The effect of CPP-ACP solutions on remineralization of artificial lesions in human teeth has been investigated. A series of solutions containing various amounts of CPP (0.1-1%), calcium (6-60 mM) and phosphate (3.6-36 mM) at different pH values (7.0-9.0) have been studied. The associations between the activities of the various calcium phosphate species in solution and the rates of enamel lesion demineralization for this series of solutions were then determined. The activity of the neutral ion species CaHPO4o in the various remineralizing solutions was found to be highly correlated with the rate of lesion remineralization. ACP-CPP acts as a reservoir of calcium phosphate ions including the neutral ion pair CaHPO40 which are formed in the presence of acid. The acid can be generated by dental plaque bacteria, under those conditions, the CPP bound ACP would buffer plaque pH and so doing would dissociate to calcium phosphate ions including CaHPO40. The increase in plaque calcium and phosphate ions and ion pairs would offset any fall in pH thereby preventing enamel demineralization (Reynolds, 1987, 1995, 1999, 2001).

This therefore, could explain why the CPP-ACP solutions are such efficient remineralizing solutions as they would consume the acid generated during enamel lesion remineralization by generating more CaHPO40 thus, maintaining its concentration gradient into the lesion, these results are therefore consistent with the proposed anticariogenic mechanism of the CPP being the inhibition of enamel demineralization and enhancement of remineralization through the localization of ACP at the tooth surface (Reynolds, 1999; Zapanta Le Geros, 1999).

Schupbach and Neeser (1996) and Yamanaka et al. (2003) demonstrated that incorporation of Caseinog-lycomacropeptid commerce peptide and caseino-phosphopeptide into the salivary pellicle inhibits adherence of mutant streptococci.

They have shown the protective effects of milk and milk products against dental caries, this showed that this effect was mediated by micellar casein or casein peptide derivatives. A reduction in the streptococcus sobrinus population in the oral microbiota of animals fed diets supplemented with these milk components was consistently observed. A possible explanation for these findings is that milk components are incorporated into the salivary pellicle, thereby reducing the adherence of S. sobrinus and S. mutans. It was suggested in this study that calcium and phosphate-rich micellar casein or caseinopeptides are incorporated into the pellicle. The resulting ecological shifts, together with the increased remineralization potential of this biofilm, may explain its modified cariogenic potential.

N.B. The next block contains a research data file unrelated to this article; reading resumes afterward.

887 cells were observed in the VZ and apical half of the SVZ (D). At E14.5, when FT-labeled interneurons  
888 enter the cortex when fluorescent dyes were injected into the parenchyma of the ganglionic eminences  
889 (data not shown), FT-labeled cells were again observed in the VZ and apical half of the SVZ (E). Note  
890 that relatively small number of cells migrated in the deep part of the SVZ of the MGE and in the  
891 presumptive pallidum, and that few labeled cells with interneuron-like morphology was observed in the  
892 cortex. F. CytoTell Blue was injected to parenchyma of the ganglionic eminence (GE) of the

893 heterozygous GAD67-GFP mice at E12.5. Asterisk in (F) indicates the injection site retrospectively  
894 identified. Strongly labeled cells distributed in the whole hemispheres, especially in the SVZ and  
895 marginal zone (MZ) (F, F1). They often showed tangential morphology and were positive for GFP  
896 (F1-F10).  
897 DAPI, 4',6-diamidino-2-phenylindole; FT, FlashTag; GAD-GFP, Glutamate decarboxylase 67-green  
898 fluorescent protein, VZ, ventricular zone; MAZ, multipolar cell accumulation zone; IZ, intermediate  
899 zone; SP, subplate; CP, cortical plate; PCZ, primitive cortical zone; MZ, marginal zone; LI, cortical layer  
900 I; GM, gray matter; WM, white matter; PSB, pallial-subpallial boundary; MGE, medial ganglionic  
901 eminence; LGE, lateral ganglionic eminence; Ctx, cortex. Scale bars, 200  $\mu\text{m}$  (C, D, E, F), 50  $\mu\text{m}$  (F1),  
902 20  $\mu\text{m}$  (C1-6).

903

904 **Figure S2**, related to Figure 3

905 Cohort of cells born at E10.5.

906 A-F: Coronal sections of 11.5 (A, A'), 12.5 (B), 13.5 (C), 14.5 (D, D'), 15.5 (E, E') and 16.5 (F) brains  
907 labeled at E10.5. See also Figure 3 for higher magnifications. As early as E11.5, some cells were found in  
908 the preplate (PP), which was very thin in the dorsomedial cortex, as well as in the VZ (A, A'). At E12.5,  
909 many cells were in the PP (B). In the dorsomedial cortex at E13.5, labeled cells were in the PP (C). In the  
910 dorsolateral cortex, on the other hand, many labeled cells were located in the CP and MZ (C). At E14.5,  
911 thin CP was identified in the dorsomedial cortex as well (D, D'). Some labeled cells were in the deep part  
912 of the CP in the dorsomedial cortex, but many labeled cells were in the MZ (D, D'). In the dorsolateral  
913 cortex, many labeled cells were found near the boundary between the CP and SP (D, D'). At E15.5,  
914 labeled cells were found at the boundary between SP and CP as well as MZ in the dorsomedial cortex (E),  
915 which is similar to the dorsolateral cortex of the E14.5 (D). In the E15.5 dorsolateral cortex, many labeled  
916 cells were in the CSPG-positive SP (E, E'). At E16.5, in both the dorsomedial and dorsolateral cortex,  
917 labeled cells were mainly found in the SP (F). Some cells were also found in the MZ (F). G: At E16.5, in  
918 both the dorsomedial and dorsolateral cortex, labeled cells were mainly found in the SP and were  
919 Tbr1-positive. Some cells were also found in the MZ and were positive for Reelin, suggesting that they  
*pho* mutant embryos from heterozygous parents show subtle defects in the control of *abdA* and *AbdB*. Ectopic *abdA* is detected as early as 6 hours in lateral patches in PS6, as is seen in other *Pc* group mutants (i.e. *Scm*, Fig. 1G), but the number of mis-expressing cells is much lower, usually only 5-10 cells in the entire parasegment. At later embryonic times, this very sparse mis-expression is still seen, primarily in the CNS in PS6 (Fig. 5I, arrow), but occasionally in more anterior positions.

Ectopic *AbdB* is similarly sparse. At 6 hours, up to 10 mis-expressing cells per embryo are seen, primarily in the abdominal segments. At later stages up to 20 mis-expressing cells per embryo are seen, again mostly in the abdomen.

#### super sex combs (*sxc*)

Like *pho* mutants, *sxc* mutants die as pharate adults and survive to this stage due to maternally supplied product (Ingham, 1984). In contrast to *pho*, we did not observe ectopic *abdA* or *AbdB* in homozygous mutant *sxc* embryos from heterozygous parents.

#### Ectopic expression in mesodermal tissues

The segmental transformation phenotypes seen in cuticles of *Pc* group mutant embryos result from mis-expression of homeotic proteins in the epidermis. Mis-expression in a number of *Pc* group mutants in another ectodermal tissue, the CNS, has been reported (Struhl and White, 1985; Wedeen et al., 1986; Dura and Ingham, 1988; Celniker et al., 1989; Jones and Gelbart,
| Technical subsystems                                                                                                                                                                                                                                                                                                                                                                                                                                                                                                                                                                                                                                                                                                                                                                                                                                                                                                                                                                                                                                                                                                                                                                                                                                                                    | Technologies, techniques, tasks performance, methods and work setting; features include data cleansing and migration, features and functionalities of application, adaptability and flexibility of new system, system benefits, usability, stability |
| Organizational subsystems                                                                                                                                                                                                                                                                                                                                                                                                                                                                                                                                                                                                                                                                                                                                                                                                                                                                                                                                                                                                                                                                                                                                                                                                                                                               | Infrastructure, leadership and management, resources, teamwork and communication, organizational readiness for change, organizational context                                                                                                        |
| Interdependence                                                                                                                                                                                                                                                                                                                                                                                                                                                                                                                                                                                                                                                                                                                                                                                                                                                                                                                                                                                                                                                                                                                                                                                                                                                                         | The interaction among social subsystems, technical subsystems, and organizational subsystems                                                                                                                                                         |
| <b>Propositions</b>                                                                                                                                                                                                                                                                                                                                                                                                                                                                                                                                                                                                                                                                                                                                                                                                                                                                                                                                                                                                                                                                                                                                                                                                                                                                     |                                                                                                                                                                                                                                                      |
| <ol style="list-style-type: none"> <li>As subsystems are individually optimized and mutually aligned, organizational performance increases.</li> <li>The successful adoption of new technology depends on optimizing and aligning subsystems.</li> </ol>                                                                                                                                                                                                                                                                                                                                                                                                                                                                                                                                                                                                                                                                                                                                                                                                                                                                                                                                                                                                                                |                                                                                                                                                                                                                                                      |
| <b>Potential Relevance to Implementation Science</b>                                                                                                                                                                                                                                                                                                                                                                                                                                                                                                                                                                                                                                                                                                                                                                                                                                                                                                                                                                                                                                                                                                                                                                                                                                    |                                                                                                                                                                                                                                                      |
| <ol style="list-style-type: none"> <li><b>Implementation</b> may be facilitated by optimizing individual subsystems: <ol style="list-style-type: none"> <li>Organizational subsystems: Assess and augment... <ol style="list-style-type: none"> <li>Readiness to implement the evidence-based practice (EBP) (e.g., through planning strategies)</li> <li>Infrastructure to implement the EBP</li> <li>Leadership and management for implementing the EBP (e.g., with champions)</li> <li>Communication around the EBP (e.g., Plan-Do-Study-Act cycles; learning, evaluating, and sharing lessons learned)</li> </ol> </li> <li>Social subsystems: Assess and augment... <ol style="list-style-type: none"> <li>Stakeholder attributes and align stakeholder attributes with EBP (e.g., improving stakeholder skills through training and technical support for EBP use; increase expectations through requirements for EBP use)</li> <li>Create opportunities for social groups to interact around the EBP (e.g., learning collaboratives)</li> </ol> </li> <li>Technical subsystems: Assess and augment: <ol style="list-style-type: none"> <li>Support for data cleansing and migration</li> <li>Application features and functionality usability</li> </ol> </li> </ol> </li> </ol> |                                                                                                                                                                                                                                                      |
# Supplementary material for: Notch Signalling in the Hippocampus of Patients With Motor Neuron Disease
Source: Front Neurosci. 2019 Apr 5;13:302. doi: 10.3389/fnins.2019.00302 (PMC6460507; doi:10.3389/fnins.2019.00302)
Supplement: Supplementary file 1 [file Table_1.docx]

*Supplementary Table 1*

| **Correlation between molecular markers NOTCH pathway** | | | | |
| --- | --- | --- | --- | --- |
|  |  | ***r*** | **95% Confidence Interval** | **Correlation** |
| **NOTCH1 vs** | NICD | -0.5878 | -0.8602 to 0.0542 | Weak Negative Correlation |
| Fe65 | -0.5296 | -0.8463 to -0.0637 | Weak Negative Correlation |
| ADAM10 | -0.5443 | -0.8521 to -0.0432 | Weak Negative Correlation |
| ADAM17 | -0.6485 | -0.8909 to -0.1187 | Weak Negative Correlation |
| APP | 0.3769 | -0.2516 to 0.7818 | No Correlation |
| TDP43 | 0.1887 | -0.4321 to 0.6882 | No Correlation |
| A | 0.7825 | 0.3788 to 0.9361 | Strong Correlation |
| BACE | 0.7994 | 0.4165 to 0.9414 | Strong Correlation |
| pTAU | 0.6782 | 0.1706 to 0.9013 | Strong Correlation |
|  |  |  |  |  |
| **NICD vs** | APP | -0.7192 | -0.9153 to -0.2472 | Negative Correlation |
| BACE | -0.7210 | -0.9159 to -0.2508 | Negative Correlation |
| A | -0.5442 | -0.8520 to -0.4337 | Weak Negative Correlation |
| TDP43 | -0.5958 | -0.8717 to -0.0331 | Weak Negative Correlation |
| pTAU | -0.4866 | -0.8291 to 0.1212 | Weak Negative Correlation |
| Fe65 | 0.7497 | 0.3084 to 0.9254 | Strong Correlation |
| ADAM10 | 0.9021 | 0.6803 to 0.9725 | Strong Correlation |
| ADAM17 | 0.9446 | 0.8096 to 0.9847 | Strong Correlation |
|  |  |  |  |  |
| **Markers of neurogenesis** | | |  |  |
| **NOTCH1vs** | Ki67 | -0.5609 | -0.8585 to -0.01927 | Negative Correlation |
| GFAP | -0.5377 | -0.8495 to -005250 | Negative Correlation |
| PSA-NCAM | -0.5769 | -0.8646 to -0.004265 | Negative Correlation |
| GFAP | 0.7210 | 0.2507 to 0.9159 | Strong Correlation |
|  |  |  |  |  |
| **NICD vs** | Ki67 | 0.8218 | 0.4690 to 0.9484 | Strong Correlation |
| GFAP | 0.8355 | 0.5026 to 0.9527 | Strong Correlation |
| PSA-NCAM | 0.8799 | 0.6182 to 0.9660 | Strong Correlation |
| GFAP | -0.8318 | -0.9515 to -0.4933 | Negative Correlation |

Rose (2000) studied the effects of an anticariognic casein phosphopeptide on calcium diffusion in streptococcal model dental plaques, using Dibdin’s effusion system, calcium diffusion was measured in streptococcal model plaque. They demonstrated that by providing a large number of possible binding sites for calcium, 0.1% CPP-ACP reduced the calcium diffusion coefficient by about 65% at pH 7 and 35% at pH 5.

Hence, CPP-ACP binds well to plaque, providing a large calcium reservoir within the plaque and slowing diffusion of free calcium. This is likely to restricts mineral loss during a cariogenic episode and provide a potential source of calcium for subsequent remineralization. Overall, they concluded that once in place, CPP-ACP will restrict the caries process.

Renolds and Shen (2001) and Shen and Cai (2001) Studied the ability of CPP-ACP sugar-free chewing gum to remineralize enamel subsurface lesions in human in situ model. They demonstrated that addition of CPP-ACP to either Sorbitol-or Xylitol-based gum resulted in a dose-related increase in enamel remineralization.

Poitevin et al. (2004), evaluated the clinical effectiveness of tooth mousse containing CPP-ACP for treatment of tooth hypersensitivity and showed that the tooth mousse to be effective in reducing tooth hypersensitivity.


The additive anticariogenic effect of the 1% CPP-ACP and 500 ppm F in the rat caries experiments led to the investigation of the potential interaction between CPP-ACP and F.

Analysis of the solution containing 1.0% CPP, 60 mM Cacl2 36 mM Sodium phosphate and 500 ppm F (26.0 mM NaF) at pH 7.0 after ultrafilteration revealed that nearly half of the fluoride ions had incorporated into the ACP phase stabilized by the CPP to produce a novel amorphous calcium fluoride phosphate phase of composition. The identification of this novel Amorphous Calcium Fluoride Phosphate (ACFP) phase led to the proposition that the formation of this phase is responsible for the observed additive anticariognic effect of CPP-ACP and F.

The proposed anticariogenic mechanism of the CPP-ACP is the localization of ACP at the tooth surface such that in the presence of acid, the ACP dissociates to release calcium and phosphate ions increasing the degree of saturation respect to hydroxyapatite preventing enamel demineralization and promoting remineralization (Kariya and Sato, 2004; Reynolds , 1998; Shen and Cai, 2004).